Create your own dualvars

Perl’s basic data type is the scalar, which takes its name from the mathematical term for “single item”. However, the scalar is really two things. You probably know that a scalar can be either a number or a string, or a number that looks the same as its string, or a string that can be a number. What you probably don’t know is that a scalar can be two separate and unrelated values at the same time, making it a dualvar.

You’re already using a dualvar without knowing it. The $! variable, which holds the value of the last system error, is most often used in its string form:

open my $fh, '>', $filename or die "Error: $!";

If something goes wrong with that open, you’ll get an error such as these:

No such file or directory
Permission denied

Both of those error messages have numbers associated with them. You can output their numeric value

open my $fh, '>', $filename or die $! + 0;

Now the errors are numbers, which correspond to the errno value for the system call:

2
13

These numbers are keys in the %!, and the value for that key is true if that was the last system error.

Perl, on its own, doesn’t give you a way to create this sort of variable yourself. When you assign a new value to a scalar, whether string or number, Perl clears the previous values it has. When you use a number as a string, Perl converts it to a string, and the same the other way around.

You can watch this with Devel::Peek. Here’s a program that sets a string value:

use Devel::Peek;

my $value = 'abc';

Dump( $value );

In the scalar record, the POK flag is set, indicating the variable has a string form, and the PV slot has a value (see perlguts for more details):

SV = PV(0x100801070) at 0x100827810
  REFCNT = 1
  FLAGS = (PADMY,POK,pPOK)
  PV = 0x100202870 "abc"\0
  CUR = 3
  LEN = 16

If you set a numeric value, the flags are different:

use Devel::Peek;

my $value = 137;

Dump( $value );

Now there’s an IOK flag, and one of the numeric slots, in this case the IV, is set:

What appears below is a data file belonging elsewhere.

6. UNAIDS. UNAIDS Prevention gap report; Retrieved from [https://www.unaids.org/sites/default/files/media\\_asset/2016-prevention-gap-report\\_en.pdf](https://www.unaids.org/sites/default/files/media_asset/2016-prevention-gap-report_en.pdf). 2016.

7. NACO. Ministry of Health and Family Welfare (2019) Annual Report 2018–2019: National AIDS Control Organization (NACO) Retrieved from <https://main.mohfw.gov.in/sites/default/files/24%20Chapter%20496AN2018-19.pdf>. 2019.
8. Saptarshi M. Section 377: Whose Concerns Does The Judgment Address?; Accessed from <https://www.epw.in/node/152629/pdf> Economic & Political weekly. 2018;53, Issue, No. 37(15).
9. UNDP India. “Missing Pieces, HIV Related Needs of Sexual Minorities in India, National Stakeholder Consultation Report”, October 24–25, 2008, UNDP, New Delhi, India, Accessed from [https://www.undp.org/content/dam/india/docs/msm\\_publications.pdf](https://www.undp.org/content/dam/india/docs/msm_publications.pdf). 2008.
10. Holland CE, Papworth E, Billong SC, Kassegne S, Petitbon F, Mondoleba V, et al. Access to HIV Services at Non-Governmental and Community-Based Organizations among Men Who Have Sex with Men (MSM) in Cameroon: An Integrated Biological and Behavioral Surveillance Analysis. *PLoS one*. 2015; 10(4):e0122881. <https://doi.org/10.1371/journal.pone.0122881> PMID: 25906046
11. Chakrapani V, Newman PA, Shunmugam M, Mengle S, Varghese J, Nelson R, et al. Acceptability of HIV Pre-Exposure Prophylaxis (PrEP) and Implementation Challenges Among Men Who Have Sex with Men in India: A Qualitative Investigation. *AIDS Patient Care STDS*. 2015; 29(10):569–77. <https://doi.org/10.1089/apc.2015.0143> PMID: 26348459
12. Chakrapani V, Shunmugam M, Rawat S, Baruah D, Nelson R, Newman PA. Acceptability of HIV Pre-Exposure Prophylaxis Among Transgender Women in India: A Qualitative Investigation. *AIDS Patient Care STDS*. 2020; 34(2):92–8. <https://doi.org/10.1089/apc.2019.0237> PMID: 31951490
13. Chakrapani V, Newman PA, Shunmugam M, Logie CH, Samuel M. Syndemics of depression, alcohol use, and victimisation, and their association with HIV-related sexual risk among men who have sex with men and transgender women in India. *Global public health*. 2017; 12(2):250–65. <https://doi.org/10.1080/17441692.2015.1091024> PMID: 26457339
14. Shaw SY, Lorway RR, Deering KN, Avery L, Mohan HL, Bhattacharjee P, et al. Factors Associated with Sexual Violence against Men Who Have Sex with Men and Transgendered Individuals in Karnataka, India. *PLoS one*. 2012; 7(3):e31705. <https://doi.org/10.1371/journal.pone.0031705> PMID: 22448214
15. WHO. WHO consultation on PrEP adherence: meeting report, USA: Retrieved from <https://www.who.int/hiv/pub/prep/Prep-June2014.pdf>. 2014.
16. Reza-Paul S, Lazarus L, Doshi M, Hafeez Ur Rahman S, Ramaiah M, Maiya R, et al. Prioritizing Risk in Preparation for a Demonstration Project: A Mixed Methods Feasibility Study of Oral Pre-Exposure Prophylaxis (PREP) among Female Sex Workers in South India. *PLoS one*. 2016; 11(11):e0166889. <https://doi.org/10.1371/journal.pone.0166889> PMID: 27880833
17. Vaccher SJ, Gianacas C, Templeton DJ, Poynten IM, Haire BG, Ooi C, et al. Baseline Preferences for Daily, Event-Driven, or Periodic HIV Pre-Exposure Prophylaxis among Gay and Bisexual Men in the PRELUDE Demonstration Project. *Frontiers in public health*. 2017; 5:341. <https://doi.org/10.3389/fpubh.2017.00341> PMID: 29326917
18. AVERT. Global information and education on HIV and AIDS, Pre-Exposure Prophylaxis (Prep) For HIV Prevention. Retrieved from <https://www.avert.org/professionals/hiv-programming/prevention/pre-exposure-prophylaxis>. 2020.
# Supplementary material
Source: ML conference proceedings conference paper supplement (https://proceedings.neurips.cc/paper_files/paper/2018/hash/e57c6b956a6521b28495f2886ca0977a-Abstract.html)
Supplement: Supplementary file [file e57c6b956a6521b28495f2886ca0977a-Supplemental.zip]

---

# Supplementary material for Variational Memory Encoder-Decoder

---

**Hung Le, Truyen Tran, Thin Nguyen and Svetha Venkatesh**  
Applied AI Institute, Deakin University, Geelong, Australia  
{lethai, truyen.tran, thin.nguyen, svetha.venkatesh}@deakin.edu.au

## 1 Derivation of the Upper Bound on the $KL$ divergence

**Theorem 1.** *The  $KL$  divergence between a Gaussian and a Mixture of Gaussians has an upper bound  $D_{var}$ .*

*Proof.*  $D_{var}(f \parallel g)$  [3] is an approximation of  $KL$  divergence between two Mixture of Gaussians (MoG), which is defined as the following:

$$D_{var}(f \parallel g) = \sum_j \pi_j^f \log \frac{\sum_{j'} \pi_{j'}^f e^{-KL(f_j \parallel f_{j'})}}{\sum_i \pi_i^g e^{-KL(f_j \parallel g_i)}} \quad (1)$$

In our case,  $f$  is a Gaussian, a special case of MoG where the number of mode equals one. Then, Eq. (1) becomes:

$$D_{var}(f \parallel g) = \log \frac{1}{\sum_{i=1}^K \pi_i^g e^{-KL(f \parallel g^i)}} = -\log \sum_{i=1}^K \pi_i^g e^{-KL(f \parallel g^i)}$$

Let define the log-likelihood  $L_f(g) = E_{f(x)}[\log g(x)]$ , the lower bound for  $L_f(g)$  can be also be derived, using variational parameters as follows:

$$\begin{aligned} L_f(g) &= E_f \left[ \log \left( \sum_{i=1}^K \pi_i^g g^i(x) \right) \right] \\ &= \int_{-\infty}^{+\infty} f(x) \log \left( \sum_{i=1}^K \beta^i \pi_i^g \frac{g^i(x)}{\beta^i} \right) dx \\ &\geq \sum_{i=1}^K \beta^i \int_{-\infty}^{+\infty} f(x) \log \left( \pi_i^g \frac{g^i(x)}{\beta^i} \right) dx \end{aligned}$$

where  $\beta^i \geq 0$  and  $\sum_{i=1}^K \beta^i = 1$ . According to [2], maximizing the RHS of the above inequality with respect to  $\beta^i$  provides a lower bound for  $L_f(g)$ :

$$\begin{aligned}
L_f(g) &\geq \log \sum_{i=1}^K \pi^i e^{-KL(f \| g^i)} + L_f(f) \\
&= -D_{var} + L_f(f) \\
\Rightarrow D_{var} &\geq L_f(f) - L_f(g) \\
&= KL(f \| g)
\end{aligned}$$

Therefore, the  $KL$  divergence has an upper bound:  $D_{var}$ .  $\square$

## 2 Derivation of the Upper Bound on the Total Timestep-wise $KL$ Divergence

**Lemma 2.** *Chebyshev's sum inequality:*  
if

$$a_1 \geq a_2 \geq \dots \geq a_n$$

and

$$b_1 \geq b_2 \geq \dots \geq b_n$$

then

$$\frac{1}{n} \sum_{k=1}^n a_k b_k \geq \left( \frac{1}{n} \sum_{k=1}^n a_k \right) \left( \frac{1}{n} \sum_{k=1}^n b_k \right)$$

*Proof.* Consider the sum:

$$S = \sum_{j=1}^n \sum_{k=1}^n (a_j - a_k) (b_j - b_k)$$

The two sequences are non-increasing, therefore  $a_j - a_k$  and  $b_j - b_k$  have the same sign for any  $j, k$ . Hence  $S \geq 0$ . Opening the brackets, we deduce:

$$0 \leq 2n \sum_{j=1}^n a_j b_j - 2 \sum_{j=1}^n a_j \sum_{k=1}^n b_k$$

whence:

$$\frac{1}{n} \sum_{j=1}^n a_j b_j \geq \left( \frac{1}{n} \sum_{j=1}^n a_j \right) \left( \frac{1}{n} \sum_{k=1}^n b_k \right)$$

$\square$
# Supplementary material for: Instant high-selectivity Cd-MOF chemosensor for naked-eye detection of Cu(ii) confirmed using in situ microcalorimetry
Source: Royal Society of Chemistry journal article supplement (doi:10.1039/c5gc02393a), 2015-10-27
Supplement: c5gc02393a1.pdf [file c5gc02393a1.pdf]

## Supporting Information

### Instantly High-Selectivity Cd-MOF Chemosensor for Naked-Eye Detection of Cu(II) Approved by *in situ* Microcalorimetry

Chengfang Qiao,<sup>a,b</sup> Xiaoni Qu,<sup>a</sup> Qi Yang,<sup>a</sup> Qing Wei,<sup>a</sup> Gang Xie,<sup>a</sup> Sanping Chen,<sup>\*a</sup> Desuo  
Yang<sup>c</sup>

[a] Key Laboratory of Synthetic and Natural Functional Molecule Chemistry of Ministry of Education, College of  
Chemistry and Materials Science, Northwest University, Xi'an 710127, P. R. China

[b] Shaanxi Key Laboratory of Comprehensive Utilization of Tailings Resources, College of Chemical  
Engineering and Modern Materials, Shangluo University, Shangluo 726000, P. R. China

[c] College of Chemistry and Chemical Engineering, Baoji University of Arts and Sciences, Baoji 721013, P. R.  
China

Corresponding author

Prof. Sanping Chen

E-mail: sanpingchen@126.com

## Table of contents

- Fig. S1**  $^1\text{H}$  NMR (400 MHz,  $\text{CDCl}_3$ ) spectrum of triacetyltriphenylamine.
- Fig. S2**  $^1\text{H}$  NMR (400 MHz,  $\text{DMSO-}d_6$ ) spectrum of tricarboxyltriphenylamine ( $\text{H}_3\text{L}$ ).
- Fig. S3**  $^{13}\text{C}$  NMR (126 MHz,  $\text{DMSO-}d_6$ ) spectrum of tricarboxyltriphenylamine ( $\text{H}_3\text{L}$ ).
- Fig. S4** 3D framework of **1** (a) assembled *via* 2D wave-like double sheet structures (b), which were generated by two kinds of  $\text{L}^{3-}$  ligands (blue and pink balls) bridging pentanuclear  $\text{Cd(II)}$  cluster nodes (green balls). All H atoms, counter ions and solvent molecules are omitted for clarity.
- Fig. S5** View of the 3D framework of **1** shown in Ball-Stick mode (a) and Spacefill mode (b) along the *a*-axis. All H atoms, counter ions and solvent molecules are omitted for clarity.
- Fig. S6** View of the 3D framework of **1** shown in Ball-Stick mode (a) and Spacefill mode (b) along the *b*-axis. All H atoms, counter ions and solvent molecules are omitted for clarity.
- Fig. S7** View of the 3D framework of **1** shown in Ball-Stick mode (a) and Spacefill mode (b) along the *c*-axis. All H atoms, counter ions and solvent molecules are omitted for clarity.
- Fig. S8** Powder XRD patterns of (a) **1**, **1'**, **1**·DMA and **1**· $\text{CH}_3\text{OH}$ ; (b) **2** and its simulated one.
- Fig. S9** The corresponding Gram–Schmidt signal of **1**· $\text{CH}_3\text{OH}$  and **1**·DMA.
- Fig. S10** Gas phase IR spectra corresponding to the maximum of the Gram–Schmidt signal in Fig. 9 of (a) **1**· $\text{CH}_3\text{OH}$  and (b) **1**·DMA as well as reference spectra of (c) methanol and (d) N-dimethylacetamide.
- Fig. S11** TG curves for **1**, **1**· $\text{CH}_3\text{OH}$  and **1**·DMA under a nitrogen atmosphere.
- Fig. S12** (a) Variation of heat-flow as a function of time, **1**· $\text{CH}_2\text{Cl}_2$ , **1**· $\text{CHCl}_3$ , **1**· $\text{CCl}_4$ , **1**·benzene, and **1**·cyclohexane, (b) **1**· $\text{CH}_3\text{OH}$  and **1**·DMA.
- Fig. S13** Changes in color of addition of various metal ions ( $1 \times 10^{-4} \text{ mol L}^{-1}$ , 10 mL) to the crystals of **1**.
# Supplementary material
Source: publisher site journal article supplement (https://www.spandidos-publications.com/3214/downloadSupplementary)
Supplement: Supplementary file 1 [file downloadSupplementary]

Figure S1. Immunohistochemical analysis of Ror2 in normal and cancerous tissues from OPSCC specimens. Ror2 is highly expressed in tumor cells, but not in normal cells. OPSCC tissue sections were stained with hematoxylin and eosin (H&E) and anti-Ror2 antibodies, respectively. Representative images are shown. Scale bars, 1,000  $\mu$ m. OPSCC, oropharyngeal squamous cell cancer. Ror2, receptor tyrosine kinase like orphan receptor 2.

SV = IV(0x100827800) at 0x100827810
  REFCNT = 1
  FLAGS = (PADMY,IOK,pIOK)
  IV = 137

However, if you take the numeric value and use it in a string context, Perl also creates a string version. Now the scalar has both the IOK and POK flags, and both the IV and PV slots have values:

137
SV = PVIV(0x100809208) at 0x100827840
  REFCNT = 1
  FLAGS = (PADMY,IOK,POK,pIOK,pPOK)
  IV = 137
  PV = 0x100202870 "137"\0
  CUR = 3
  LEN = 16

If you change the variable, some of those flags disappear, even though the values don’t necessarily disappear:

use v5.10;
use Devel::Peek;

my $value = 137;

$value = 'Buster';

Dump( $value );

Now the scalar’s value should be just Buster, but the IV slot still has the old 137. However, the IOK flag is gone:

SV = PVIV(0x100809208) at 0x100827840
  REFCNT = 1
  FLAGS = (PADMY,POK,pPOK)
  IV = 137
  PV = 0x100202870 "Buster"\0
  CUR = 6
  LEN = 16

When you set the new value, and Perl hadn’t used it in a numeric context yet, there was no need to go through the work to translate the string value to the number value. Instead, it just unset the flag that denotes its okay to use the value as a number. You have to use it as a number to again:

use v5.10;
use Devel::Peek;

my $value = 137;

$value = 'Buster';

say $value + 0;

Dump( $value );

Now Perl converts it to a number and sets the numeric flags again:

0
SV = PVNV(0x100801e30) at 0x100827840
  REFCNT = 1
  FLAGS = (PADMY,POK,pIOK,pNOK,pPOK)
  IV = 0
  NV = 0
  PV = 0x100202870 "Buster"\0
  CUR = 6
  LEN = 16

That’s how it works if you go through the Perl interface, but if you play it a scalar through the XS interface, you can set whatever flags and values that you like. That’s exactly what Scalar::Util‘s dualvar does that for you:

use v5.10;
use Devel::Peek;
use Scalar::Util qw(dualvar);

my $value = dualvar 137, 'Buster';

Dump( $value );

say "$value";
say $value + 0;

Now you have a scalar which has unrelated numeric and string values, and the flags for both values are set:

SV = PVNV(0x100802010) at 0x1008277c8
  REFCNT = 1
  FLAGS = (PADMY,IOK,POK,pIOK,pPOK)
  IV = 137
  NV = 0
  PV = 0x100202870 "Buster"\0
  CUR = 6
  LEN = 16
Buster
137

Things to remember

  • Scalars can have both numeric and string values at the same time
  • Those two values can be unrelated
  • You can create your own dualvar with Scalar::Util
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